Environmental, social, and governance investing can be a divisive topic. It is charged with ideological undertones that can split a room in two. Regardless of which corner investors find themselves in, I think there is common ground among them. I believe there are three things about ESG investing that all investors can agree on.
ESG Risks Can Have a Material Financial Impact
I think all investors can agree that ESG risks can have a material financial impact on companies. Climate change can disrupt global agricultural supply chains and have an impact on the bottom lines of firms ranging from Bayer (BAYRY) to Starbucks (SBUX). The Facebook (FB) Cambridge Analytica data breach represented a violation of the social network's social contract with its users. Its share price suffered as a result of the firm's inability to protect its users' information. Failures of governance are the least controversial of ESG risks. When Wells Fargo's (WFC) branch employees opened millions of fake accounts to meet lofty cross-selling goals, there was no doubt that poor governance was to blame. That fiasco cost the firm billions and left a lasting blemish on its brand.
ESG presents a framework for better understanding these risks. Historically, these were rarely the types of risks discussed in companies' financial reports and quarterly earnings calls. These are long-term risks: perhaps not urgent, but always important. Their probability is difficult to handicap, their impact more difficult still.
Because these risks are financially material, potentially large, and difficult to discount, all investors would be wise to take them seriously.
Performance May Be Better or Worse
I also think that all investors can agree that introducing ESG criteria into an investing framework is an active decision. Like any active decision, the only guarantee is that ESG investors' performance will be different than the market. It might be better. It might be worse. Morningstar's own research shows that--after controlling for other factors--it is a push. Historically, there has been neither a material payout nor penalty for investors in global stocks that earn top ESG marks. 
Exhibit 1 illustrates this point. The chart plots the year-to-date returns through April 2020 for equity exchange-traded funds with broad ESG mandates that invest in U.S. large-cap, developed international, and emerging-markets stocks. The highlighted dot in each column represents the performance of an ETF tracking a broad market-cap-weighted index that is representative of the ESG funds' selection universe. Some of the ESG ETFs' returns plot below it and some above.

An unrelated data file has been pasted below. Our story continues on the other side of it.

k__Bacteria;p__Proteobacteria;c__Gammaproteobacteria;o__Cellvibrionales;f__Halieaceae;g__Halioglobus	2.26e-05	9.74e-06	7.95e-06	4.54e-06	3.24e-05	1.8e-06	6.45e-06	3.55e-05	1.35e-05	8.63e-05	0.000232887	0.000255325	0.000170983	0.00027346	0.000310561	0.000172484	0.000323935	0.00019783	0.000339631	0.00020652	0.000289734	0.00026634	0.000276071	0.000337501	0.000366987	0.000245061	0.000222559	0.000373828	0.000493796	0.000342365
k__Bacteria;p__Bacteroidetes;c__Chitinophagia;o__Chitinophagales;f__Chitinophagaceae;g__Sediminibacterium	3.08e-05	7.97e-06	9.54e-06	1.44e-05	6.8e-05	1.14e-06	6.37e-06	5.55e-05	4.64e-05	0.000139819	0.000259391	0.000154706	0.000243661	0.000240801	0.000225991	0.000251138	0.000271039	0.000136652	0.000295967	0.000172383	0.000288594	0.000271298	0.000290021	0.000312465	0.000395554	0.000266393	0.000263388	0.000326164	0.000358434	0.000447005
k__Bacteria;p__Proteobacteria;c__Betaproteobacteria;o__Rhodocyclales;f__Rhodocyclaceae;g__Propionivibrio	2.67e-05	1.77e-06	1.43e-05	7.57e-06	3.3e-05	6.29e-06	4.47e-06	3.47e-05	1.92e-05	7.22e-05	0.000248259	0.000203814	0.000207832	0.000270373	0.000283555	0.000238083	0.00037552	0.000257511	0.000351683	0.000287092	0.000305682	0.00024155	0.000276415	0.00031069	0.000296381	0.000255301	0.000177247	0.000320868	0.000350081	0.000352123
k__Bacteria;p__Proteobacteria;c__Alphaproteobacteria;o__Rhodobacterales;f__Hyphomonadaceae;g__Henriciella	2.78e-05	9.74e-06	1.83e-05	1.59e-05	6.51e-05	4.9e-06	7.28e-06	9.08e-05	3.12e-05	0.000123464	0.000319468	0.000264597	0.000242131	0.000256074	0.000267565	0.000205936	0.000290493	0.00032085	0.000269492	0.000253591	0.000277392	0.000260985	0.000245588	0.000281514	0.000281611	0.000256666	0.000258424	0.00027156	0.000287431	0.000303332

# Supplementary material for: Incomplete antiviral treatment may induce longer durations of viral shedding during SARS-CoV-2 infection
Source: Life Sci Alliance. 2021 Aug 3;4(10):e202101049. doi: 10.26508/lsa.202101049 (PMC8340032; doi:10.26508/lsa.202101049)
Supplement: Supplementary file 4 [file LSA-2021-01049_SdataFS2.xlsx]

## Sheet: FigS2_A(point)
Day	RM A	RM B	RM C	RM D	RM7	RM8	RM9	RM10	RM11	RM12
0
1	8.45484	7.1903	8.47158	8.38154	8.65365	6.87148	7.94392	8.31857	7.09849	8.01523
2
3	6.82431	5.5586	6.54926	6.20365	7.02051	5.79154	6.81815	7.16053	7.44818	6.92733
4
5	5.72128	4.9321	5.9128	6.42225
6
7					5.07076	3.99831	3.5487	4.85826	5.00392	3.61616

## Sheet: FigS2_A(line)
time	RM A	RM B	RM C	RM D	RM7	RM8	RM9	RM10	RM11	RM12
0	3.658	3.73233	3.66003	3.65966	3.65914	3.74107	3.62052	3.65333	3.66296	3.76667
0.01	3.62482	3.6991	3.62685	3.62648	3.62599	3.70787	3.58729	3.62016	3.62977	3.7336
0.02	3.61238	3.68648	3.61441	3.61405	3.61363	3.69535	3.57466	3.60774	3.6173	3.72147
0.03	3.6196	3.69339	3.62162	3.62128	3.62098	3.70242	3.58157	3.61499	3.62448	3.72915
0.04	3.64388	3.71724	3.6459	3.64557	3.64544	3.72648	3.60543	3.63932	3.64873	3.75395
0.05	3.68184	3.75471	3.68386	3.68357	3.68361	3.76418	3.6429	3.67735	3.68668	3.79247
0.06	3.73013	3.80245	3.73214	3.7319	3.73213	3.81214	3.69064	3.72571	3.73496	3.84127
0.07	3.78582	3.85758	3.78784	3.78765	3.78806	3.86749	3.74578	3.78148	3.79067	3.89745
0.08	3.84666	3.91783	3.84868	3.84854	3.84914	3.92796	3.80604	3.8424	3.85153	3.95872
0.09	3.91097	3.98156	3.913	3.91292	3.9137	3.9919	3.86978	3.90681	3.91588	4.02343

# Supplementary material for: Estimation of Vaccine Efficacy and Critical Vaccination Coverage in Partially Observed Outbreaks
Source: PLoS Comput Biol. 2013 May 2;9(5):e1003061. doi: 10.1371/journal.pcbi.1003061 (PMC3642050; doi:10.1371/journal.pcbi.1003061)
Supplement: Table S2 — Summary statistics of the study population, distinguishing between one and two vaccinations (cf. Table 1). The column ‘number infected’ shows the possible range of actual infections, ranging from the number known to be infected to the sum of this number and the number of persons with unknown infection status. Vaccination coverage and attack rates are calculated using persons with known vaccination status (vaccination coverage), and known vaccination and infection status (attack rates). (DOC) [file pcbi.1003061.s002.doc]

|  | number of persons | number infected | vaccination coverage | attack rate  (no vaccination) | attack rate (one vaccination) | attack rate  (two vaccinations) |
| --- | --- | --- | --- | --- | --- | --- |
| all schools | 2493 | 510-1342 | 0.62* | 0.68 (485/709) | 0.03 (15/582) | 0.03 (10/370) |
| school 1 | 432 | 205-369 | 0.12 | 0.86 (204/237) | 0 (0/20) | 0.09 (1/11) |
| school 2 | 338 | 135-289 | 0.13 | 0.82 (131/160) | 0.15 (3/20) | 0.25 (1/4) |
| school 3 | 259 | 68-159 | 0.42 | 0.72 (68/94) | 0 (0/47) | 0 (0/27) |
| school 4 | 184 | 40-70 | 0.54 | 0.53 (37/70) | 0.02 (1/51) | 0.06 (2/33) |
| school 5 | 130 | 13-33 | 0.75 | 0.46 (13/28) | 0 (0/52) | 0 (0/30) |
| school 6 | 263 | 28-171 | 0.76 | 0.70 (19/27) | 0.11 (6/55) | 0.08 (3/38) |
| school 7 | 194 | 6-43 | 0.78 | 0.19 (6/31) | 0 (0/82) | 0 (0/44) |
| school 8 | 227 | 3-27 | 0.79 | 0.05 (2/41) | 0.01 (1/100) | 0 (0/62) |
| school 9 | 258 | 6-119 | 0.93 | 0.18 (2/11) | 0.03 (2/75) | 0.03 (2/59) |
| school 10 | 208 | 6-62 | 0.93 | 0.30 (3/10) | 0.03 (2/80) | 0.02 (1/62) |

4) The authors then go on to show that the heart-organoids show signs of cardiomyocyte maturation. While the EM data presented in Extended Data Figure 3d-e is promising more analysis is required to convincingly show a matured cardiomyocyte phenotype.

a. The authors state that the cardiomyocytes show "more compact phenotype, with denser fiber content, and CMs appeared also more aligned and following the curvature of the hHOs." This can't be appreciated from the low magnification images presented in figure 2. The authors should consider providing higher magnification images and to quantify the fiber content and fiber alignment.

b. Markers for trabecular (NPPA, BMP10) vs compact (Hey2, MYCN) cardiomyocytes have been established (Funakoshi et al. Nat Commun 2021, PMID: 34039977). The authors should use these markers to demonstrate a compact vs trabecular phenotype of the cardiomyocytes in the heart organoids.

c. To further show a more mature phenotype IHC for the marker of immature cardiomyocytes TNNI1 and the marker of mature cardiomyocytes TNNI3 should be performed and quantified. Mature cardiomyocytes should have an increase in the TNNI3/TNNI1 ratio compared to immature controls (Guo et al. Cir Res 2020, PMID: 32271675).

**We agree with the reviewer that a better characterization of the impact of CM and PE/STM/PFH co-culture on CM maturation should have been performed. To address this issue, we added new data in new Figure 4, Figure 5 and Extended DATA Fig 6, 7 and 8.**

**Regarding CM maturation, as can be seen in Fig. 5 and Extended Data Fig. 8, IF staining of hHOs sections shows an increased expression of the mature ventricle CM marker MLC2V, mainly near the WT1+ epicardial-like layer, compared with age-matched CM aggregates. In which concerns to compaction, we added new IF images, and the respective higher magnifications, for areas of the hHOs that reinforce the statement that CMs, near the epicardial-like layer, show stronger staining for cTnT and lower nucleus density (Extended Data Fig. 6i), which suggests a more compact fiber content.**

While this sample is small and the period brief, it is reasonable to expect this relationship to hold across bigger groups and over longer spans. The arithmetic of active management applies to all forms of active strategies, regardless of how they're constructed.  The math dictates that a majority can't win or lose over a long enough horizon. Some will beat the market, others won't.
Finally, I think that all investors will agree that asset managers will use ESG as a means of marketing their wares.
The asset-management industry and the food industry have a lot in common. Both reap the greatest profits from the products that make consumers' choices more difficult than they need to be. Lettuce and index funds are low-margin commodities. The real money is made in the center aisles of the store, where processed packaged products compete for eye-level shelf space. We all know that moderation and sticking to the basics are our best bets when it comes to both our diets and our portfolios. But we just can't help ourselves. And product manufacturers, be they purveyors of foods or funds, know that.
ESG is rapidly becoming the "gluten-free" stamp of the asset-management industry. Exhibit 2 shows Google Trends data for three separate search terms: "hedge fund," "smart beta," and "ESG." The trend in this data reflects the popularity of these search terms among U.S. users of Google's search engine over time. If ESG has become the "gluten-free" of asset management, then "smart beta" is the "omega-" and "hedge fund" is "whole grain." The point being that the trends in product development and marketing we encounter as consumers replicate themselves in the investment arena.
One of the more interesting manifestations of this phenomenon has been the rewriting of fund prospectuses to include a nod to ESG considerations. Exhibit 3 shows a surge in the number of funds that filed documents in the U.S. in stating that they take ESG considerations into account in their investment processes. While these funds might deserve some credit for incorporating ESG risks into their investment framework, simply stating they do so in their prospectuses doesn't mean they hadn't been doing so previously and isn't in itself indicative of a committed approach to sustainable investing.
Just as shoppers would rightfully raise an eyebrow in response to the "whole grain" label on a box of Lucky Charms, they should be similarly shrewd when assessing funds' ESG bona fides. Greenwashing will likely become more pervasive as asset managers look to differentiate themselves based on their ESG efforts.
 Wang, P., & Sargis, M. 2020. "Better Minus Worse: Evaluating ESG Effects on Risk and Return." https://direct.morningstar.com/research/doc/963558/Better-Minus- Worse-Evaluating-ESG-Effects-on-Risk-and-Return
 Sharpe, W.F. 1991. "The Arithmetic of Active Management." Financial Analysts' Journal, Vol. 47, No. 1, P. 7. https://web.stanford.edu/~wfsharpe/art/active/active.htm